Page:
Re Talk: 218
Still on the subject of real change, let me try something subtle on you. In humans, the apparent desire for change is always accompanied by thoughts of action. At the same time, the actions to be changed are not accompanied by thoughts. Behavior is quicker than consciousness. Yet, to change behavior requires thinking of changed behavior.
CHANGE = T.O.A.
HABITS = PURE ACTION
But the fact remains — for humans there are only two possibilities: acting or thinking about acting. In light of these two possibilities, it would seem impossible to change — you’re trying to alter something faster than thought by thinking about it. Yet humans continue to spend generous amounts of time thinking about change.
Let me repeat, all ordinary behavior is pure action. If you think otherwise, you haven’t even made it to kindergarten yet. What seems to be consciousness (that is, thinking of action) is always the last to know what went on. By the time you can think about a piece of behavior, the behavior is already completed.
To look at action and thinking of action another way, consider my old story about the catered banquet. You are at a lavish banquet carefully set up by a caterer, yet you believe you ordered your own refreshments personally. You perform some behavior and then you explain why you did what you did. I am telling you, regardless of what your voices may say, you don’t order the food you eat at the banquet. You don’t decide to do anything. Action is faster than thinking of action. To continue with my picture: you simply turn around and there it is — the Golden Gate Bridge done out of chopped liver. There’s wine over here, spilled drinks over there, and bromides to-go. A band over here is playing music you like and one over there is playing music you don’t like. Some people over here are too noisy, someone over here intimidates you and you wonder if he recognizes you. You are at the banquet and it is a catered affair.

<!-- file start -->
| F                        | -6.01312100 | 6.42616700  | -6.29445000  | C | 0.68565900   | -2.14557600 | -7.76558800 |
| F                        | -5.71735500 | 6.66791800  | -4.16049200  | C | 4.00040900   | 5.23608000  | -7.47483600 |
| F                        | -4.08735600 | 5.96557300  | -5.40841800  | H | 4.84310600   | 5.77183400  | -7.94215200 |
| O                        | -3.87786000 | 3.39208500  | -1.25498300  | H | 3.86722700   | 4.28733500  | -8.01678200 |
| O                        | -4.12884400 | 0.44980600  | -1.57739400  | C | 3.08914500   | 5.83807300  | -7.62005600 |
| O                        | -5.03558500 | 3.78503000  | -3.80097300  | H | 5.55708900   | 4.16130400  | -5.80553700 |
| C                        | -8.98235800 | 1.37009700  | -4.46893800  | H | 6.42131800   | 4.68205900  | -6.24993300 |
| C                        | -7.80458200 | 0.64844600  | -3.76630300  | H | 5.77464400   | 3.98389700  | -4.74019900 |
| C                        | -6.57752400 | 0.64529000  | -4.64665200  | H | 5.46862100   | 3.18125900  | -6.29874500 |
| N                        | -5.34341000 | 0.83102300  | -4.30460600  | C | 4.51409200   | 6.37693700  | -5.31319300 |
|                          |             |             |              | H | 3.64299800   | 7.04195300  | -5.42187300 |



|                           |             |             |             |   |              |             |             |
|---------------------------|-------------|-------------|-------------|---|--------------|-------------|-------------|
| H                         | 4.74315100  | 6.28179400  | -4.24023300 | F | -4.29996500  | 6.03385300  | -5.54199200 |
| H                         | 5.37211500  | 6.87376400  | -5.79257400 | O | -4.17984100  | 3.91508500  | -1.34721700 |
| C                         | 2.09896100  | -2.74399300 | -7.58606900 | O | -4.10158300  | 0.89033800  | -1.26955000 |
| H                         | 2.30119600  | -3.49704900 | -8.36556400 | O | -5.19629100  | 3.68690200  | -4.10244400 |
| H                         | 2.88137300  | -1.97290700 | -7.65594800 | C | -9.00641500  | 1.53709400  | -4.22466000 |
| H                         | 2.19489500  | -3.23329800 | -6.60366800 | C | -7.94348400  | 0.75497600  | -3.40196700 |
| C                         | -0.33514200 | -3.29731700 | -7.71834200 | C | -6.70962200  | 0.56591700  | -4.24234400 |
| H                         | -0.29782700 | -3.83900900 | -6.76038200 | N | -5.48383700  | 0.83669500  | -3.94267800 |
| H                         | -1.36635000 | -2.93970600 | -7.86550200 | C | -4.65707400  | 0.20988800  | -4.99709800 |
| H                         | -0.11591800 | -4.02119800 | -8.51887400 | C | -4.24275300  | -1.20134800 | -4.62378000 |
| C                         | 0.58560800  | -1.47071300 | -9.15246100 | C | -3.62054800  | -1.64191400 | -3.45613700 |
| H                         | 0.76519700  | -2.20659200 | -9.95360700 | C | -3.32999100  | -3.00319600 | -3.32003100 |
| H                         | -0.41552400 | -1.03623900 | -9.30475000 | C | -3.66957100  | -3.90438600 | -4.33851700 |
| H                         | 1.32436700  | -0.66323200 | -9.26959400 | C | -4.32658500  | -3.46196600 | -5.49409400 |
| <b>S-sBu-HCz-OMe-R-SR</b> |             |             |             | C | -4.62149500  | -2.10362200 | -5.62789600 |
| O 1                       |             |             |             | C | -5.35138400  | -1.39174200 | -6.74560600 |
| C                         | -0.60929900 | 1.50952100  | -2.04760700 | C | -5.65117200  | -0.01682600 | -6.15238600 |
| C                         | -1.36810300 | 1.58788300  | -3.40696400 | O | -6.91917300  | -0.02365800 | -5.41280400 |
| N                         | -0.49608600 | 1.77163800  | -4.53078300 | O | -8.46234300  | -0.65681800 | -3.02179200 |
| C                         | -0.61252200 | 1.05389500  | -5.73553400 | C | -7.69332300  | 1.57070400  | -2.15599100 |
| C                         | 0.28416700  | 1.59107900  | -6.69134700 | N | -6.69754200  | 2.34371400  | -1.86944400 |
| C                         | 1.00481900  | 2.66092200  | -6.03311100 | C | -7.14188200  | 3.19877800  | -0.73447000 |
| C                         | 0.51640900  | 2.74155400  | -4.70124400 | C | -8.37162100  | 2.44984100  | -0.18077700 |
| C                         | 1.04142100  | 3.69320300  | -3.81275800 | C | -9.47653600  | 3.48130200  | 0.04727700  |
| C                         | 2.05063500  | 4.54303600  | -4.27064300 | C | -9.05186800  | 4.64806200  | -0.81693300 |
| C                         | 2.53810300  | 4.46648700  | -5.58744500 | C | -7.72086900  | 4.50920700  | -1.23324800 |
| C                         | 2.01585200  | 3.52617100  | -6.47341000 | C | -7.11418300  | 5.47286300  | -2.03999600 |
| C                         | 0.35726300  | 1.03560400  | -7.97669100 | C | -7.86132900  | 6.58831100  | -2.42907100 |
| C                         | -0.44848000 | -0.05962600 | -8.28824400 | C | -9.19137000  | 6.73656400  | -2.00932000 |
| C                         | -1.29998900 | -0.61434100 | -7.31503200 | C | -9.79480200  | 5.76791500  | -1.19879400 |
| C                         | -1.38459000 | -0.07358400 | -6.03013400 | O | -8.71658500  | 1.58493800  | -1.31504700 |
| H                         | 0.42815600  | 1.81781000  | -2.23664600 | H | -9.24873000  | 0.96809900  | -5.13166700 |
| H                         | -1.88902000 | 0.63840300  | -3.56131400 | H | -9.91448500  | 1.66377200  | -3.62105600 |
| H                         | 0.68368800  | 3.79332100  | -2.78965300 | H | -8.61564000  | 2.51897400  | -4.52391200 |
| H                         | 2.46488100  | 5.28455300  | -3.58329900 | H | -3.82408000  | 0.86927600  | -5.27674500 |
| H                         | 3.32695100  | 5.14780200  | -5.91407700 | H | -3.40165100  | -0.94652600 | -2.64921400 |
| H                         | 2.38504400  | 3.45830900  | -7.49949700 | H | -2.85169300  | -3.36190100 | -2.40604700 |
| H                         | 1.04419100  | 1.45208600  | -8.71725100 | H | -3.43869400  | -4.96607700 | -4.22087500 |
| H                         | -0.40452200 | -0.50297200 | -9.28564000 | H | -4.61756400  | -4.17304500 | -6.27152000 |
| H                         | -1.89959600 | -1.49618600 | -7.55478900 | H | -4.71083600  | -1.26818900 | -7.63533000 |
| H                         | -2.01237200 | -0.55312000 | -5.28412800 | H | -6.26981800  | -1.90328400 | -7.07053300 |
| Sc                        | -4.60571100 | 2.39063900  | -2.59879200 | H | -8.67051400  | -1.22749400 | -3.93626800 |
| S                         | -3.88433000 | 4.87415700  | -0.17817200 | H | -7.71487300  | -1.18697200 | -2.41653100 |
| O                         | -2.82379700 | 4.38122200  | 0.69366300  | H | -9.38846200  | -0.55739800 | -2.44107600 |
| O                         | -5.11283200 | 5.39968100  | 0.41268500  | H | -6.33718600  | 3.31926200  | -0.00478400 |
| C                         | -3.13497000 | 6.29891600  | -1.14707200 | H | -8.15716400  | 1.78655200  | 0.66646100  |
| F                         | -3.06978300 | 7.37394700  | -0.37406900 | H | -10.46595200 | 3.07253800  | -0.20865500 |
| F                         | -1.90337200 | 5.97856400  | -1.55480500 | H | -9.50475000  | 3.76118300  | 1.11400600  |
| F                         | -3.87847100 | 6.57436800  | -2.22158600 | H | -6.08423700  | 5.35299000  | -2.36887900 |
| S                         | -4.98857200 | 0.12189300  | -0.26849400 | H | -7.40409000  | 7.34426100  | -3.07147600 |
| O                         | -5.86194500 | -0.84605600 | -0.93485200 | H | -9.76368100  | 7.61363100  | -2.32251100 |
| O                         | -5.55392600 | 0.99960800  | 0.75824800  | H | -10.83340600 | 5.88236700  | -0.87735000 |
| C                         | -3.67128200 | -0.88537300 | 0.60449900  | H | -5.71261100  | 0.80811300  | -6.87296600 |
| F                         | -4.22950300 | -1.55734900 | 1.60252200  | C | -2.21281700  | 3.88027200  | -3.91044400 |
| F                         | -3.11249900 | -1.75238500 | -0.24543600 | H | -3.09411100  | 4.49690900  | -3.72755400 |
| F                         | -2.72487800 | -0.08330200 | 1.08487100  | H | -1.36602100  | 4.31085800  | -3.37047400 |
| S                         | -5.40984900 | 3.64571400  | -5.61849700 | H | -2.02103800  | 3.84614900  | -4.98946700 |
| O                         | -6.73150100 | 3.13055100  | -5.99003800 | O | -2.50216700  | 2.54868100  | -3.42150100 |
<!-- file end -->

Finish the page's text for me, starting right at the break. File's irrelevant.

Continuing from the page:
Your forefathers believed that the gods do the catering. I’m not saying anybody does the catering, but at the ordinary level, you are attending a catered affair. Yet as soon as somebody asks, “How did such-and-such happen?”, you reply that you were responsible — that you ordered the meal. Somebody asks you, “How did you end up standing in this particular place, with this drink in your hand, saying what you are saying, dressed the way you dress, acting the way you act?” And suddenly you have a reply to the question: “I ordered all of this the day before yesterday — it was about 1953. I made arrangements to get myself exactly where I am today, and I don’t mind admitting it.” You surely know that ordinarily you have no such awareness? You are not responsible for what you do. If your consciousness were actually faster than your actions, you would be one of those who could answer the question, “What am I about to say next?”
What seems to be consciousness (thinking-of-action) is always the last to know what is happening. The action is done, the affair has been catered. Action may be just a tiny bit quicker than thought, but that tiny bit quicker will kill you. That tiny bit quicker is killing you. Put the swiftness of pure action together with the sensation that “I should be doing things differently,” and ask yourself, “What could Life be up to?” JC talk 218